A successful school beats the odds in North Minneapolis

Ascension Catholic School in North Minneapolis wins the odds. (FOX 9)

In the race to start the day on the north side of Minneapolis, there is a starting line that was created long before many got out of bed.

Follow the taillights in the crisp air of the early morning and chances are many are going to the corner of North DuPont Avenue and North 18th Avenue. It’s long before 7:30 in the morning, and those who jump from their cars to the finish line at the front door are all children.

Welcome to another day at Ascension Catholic School.

“I love it here,” said Ni-Kia Madison, an eighth-grader.

Ni-Kia like her classmates are galloping down the halls wearing their red sweaters to get to class by 7:45. In all the other twin cities, coffee has not yet started to be brewed in many offices. But in ascension, it’s just another day of learning, another day of rowing in a school that dates back more than 100 years.

“We have about 280 smart students here in Ascension,” said principal Benito Matias.

The treatment of his students as researchers is intentional, a change in the framework of consciousness that everyone will be able to understand what is happening in his classrooms is academic, exploratory and life-changing.

“And the truth is, it just makes sense,” Matias explains. “In terms of high expectations, in terms of a relationship, in terms of how we really want to communicate as we look at what we want as results, it’s natural to call them scholars.”

Ni-Kia is one of the results its CEO is talking about. She lives in Robbinsdale and moved to Ascension two years ago.

“I did not like to read when I was in my second school because they did not really enforce it. So I was like, I do not have to read,” Ni-Kia recalled. “So when I came here, you had to read. And I came as a better reader over the years. And I saw it in my test scores.”

The average ten-year increase of eighth graders is 70% proficiency in math, 66% in reading. The scores far exceed the qualifications of students in neighboring schools in the Minneapolis Public School District. Since 2013, all eighth-graders of aliyah have continued to graduate from high school.

“You know, a lot of people want to know what, what’s the secret sauce? And I wish there was a secret sauce,” Matias said.

He emphasizes that with the intention of the transcendence teachers, it is their researchers who do all the hard work. And there is more to do.

“We are not where we want to be with all the success that has been on the rise, and for over 130 years being in this neighborhood and this bloc, it is not easy,” Matias stressed.

If anyone knows, Matias knows. Is a product of public schools in Minneapolis. He graduated from Franklin High School, Patrick Henry High School, and then became a teacher at MPS. He has been the director of the canals since 2016.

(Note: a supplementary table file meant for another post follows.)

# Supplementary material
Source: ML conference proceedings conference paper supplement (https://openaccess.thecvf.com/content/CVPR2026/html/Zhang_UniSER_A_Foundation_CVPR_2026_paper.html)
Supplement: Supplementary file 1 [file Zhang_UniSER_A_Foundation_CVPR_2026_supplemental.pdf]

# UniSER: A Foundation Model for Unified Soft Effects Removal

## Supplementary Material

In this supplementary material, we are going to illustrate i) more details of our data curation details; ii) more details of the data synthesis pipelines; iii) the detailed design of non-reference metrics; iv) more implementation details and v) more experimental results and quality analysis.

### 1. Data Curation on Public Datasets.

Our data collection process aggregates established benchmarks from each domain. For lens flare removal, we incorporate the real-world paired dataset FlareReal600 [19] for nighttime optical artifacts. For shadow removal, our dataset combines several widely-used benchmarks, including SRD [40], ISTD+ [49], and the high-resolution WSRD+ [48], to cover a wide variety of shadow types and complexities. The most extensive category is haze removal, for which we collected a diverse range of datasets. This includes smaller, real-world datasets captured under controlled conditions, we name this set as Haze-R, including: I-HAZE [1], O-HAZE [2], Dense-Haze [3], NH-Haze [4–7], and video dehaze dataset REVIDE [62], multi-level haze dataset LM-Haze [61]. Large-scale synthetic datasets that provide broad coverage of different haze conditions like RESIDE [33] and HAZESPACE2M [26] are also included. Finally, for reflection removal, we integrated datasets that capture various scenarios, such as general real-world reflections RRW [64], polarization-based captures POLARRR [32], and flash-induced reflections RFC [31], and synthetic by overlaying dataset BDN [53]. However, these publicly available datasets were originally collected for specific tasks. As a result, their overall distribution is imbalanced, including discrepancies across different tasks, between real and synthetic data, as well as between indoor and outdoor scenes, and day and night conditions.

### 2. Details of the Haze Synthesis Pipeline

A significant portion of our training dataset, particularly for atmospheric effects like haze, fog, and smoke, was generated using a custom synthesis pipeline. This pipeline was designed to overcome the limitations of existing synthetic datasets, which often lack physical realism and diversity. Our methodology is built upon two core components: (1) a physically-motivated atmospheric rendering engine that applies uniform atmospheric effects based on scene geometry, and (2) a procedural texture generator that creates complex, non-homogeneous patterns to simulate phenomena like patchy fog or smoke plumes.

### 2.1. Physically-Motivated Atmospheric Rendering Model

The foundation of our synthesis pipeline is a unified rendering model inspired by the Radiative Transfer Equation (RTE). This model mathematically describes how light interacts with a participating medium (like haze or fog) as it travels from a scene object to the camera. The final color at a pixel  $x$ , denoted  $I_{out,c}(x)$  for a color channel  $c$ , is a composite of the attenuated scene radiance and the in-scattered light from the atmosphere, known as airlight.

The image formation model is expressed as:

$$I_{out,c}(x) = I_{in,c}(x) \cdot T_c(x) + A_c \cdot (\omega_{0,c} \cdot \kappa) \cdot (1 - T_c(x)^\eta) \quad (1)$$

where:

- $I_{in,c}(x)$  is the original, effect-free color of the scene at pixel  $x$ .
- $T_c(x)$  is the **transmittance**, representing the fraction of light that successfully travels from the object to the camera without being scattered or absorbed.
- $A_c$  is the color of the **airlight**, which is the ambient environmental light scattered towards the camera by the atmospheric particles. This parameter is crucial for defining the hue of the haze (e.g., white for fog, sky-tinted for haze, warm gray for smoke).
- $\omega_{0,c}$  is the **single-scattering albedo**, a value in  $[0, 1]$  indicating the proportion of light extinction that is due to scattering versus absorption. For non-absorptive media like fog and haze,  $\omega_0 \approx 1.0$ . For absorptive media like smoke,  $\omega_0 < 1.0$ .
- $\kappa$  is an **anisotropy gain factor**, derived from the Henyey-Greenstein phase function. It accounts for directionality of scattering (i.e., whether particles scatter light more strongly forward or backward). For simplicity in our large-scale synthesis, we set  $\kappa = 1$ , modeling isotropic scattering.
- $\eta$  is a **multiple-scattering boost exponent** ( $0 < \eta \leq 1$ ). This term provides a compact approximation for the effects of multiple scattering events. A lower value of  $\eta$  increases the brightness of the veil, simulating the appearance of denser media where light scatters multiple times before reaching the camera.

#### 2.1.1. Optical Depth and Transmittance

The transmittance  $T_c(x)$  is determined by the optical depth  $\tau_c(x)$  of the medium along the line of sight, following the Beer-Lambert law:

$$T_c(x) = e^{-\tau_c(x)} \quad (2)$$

“We talk a lot about relationships here in transcendence,” Matias said. “And it makes so much of a difference when you know someone cares about you when you have someone to hold you accountable when you’re not making the best choices, which sometimes when I grew up, I did.”

But Matthias is not the only son of North Minneapolis to return home to work in Ascension. Quentin Moore completed his eighth grade at Ascension and went on to graduate from St. Thomas University. He is now the promotion director of the Aliya Academy.

“I have a sacred place in my heart to transcend,” Quentin Moore said.

Moore’s job is to mobilize support to make it convenient for parents to send their children to one of the three schools of Ascension Academy, Ascension Catholic School in North Minneapolis, St. Peter Culver in the Rondo neighborhood of St. Paul and John Paul II. A school in northeastern Minneapolis. The tuition advertised at Ascension is more than $ 1,400, but most families pay less than $ 200. Giving families this opportunity is what motivates Moore.

“I am a man of faith. And so also to be able to express those values ​​is important,” Moore said. “And I also know it’s really changing the lives of our researchers who go through these halls.”

It is especially important to work in North Minneapolis where there are ongoing gaps. More than 90% of the canal registrants are colored students. In recent years both education leaders and the community have been talking about education gaps among white and black students. Matias says they are working to close that gap one researcher at a time.

“But there’s a part we do not talk much about, and that’s the belief gap, right?” Asked the principal. “Both are related to the fact that researchers believe in their ability to achieve as well as we, the adults who believe in their ability to achieve.”

Ni-Kia Madison believes she can. She beamed with a wide, full-bodied smile as she proudly revealed that she had been accepted to DeLaSalle High School in Minneapolis.

“Really excited,” Madison beamed. “My mom is really happy. She’s proud of me. You know, she knew I could do it.”

All in a school in North Minneapolis that starts long before many businesses around the twin cities.

“It sets the bar for people from the north side that you can do it,” Madison said. “You can get out of there if you want to. You can succeed. You can be anything you mean to be.”

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